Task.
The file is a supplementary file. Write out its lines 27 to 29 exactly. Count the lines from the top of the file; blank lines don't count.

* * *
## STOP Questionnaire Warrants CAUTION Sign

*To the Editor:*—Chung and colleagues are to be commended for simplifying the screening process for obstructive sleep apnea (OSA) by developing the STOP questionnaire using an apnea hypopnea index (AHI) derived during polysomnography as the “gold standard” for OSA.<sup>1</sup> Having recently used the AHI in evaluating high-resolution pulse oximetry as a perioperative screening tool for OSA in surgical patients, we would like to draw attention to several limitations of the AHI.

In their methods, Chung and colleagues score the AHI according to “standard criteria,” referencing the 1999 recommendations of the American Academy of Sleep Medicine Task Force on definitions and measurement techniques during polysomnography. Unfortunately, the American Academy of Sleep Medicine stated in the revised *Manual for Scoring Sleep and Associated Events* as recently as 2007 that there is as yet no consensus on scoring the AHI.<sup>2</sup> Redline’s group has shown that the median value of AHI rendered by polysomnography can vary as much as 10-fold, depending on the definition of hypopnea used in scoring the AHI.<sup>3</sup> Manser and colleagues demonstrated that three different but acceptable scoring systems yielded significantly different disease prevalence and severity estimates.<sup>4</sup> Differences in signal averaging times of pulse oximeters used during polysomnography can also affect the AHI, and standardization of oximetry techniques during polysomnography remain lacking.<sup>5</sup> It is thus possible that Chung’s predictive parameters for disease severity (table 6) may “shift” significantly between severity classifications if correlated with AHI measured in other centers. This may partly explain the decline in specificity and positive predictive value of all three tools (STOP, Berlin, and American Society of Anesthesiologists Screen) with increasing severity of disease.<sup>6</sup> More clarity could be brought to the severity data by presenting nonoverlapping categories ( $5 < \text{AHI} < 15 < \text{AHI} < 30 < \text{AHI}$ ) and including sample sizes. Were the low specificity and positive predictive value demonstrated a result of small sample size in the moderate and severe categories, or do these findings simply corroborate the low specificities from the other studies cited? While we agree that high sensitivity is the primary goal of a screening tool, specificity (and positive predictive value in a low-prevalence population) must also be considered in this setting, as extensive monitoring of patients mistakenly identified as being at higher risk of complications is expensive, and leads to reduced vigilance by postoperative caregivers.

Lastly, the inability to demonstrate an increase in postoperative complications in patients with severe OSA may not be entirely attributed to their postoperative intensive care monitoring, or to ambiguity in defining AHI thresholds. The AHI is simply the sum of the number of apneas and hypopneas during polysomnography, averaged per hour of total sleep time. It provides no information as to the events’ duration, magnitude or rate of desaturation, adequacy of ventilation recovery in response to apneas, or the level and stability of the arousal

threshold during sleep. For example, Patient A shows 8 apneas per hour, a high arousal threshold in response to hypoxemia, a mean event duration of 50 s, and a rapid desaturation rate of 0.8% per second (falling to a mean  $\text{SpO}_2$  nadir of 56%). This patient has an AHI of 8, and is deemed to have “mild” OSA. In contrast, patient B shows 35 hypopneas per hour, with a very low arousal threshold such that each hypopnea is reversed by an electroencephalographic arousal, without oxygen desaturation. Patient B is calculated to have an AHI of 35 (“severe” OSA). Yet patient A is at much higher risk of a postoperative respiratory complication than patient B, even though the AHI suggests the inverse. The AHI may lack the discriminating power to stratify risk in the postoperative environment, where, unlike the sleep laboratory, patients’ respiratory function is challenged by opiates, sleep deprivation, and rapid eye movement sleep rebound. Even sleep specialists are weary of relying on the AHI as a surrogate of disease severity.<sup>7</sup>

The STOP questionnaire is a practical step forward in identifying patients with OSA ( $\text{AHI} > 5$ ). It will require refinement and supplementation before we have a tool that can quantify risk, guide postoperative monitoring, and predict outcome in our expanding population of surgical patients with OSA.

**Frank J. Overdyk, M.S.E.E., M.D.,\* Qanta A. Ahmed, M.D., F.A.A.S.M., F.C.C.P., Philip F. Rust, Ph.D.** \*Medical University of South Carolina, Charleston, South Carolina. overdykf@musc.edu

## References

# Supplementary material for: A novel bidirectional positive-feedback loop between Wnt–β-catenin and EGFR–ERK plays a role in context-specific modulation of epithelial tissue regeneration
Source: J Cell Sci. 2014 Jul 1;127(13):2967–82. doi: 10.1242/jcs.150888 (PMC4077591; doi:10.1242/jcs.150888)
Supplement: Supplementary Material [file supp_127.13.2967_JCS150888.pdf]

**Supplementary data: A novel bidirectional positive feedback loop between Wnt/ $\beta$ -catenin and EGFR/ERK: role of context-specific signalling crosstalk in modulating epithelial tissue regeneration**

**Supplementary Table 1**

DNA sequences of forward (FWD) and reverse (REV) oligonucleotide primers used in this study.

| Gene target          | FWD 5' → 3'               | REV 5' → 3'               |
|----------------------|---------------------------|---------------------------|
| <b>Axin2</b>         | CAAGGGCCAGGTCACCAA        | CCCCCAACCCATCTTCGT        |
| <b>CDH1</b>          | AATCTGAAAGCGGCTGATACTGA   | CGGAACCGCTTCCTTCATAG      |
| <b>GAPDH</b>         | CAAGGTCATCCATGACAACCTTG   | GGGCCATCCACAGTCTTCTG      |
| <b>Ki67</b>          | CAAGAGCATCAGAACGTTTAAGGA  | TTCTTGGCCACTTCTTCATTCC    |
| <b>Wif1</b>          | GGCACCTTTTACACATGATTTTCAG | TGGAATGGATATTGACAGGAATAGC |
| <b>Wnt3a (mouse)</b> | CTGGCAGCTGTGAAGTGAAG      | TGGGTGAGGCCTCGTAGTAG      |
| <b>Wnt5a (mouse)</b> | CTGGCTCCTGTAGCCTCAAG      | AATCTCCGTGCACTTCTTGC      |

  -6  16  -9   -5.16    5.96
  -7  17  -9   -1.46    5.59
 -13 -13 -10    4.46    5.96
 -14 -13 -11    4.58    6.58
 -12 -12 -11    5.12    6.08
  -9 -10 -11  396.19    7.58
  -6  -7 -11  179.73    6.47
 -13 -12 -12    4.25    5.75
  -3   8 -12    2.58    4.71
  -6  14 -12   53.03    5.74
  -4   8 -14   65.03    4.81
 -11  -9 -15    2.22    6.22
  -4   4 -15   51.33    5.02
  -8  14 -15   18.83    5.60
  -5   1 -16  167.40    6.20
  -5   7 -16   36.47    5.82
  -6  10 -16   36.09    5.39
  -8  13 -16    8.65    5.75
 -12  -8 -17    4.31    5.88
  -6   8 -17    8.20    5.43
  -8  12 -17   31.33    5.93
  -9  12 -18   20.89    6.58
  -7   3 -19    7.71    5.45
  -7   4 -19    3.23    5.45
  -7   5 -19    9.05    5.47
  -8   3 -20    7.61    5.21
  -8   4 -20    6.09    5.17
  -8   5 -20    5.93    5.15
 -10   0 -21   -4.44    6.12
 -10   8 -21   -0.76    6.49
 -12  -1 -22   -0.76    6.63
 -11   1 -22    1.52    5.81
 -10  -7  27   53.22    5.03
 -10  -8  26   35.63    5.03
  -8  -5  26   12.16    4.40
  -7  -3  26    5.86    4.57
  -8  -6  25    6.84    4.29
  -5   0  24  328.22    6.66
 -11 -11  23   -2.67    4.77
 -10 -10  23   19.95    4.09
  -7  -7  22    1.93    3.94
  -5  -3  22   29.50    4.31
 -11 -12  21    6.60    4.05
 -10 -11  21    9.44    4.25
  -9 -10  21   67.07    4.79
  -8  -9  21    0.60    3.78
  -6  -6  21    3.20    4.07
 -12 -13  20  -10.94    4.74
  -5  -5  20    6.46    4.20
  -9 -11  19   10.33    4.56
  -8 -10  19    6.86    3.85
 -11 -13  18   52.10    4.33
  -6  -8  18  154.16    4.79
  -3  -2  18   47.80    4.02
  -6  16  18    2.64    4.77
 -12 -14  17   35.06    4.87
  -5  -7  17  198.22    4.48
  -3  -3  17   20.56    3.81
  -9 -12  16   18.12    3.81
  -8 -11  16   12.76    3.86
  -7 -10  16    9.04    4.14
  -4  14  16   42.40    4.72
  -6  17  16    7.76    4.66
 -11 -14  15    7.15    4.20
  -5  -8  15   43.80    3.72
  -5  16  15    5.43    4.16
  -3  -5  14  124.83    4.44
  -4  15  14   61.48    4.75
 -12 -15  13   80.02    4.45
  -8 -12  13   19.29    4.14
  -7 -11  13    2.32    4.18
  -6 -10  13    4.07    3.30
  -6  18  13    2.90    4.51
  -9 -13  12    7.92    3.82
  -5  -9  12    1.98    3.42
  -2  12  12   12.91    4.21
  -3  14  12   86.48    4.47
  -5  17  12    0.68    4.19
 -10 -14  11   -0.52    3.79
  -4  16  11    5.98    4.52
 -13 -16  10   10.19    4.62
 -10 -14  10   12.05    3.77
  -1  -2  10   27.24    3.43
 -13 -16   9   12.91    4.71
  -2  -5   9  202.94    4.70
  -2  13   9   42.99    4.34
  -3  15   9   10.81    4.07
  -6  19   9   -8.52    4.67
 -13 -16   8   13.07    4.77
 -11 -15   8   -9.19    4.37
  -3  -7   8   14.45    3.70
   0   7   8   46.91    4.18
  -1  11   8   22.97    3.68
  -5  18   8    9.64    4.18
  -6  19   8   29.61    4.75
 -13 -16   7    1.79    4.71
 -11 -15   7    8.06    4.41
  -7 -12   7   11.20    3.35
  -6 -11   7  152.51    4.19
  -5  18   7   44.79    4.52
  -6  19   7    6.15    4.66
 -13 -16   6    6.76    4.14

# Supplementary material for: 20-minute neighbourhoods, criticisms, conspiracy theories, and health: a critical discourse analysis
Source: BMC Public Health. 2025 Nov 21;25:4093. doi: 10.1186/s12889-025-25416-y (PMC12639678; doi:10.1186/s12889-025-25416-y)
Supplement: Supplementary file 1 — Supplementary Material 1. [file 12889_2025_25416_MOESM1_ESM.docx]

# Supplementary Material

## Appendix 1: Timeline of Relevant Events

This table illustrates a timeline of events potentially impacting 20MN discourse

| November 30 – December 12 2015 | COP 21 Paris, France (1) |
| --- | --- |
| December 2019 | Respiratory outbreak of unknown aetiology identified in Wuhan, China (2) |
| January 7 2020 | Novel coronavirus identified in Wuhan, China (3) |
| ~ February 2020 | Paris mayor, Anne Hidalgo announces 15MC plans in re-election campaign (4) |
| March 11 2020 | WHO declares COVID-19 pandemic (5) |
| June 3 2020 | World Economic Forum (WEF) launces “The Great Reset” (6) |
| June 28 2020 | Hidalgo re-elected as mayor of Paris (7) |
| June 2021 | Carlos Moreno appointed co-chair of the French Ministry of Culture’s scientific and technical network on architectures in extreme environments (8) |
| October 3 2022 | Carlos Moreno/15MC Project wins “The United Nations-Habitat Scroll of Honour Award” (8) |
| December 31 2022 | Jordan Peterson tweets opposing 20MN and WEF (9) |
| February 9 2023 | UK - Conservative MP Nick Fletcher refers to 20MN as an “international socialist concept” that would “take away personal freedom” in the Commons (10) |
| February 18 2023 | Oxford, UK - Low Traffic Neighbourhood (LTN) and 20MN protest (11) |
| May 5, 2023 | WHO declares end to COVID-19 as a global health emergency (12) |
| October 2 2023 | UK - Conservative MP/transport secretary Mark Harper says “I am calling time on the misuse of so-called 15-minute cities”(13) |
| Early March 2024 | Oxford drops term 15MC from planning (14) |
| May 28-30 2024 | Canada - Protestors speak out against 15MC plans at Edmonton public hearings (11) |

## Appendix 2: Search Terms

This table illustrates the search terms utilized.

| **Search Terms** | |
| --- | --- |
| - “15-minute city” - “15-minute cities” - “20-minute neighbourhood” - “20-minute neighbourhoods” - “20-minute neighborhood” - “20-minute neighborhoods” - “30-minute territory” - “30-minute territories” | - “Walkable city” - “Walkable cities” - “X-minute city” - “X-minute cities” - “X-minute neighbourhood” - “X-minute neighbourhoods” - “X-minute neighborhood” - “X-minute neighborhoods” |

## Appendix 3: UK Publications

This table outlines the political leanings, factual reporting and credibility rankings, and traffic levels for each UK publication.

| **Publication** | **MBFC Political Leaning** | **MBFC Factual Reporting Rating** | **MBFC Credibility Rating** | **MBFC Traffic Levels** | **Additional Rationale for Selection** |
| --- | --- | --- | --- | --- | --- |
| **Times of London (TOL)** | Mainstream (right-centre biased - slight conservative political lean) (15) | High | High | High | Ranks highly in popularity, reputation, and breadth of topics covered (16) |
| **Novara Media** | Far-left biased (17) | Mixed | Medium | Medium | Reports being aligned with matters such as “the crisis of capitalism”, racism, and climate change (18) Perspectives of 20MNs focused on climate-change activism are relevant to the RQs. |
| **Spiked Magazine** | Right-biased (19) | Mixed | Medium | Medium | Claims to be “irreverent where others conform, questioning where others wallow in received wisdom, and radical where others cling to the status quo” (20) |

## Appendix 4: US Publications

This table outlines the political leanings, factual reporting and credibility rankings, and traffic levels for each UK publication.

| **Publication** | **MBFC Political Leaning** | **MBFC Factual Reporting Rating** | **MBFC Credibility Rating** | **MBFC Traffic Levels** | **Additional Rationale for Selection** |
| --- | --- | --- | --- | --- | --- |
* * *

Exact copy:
 -14 -13 -11    4.58    6.58
 -12 -12 -11    5.12    6.08
  -9 -10 -11  396.19    7.58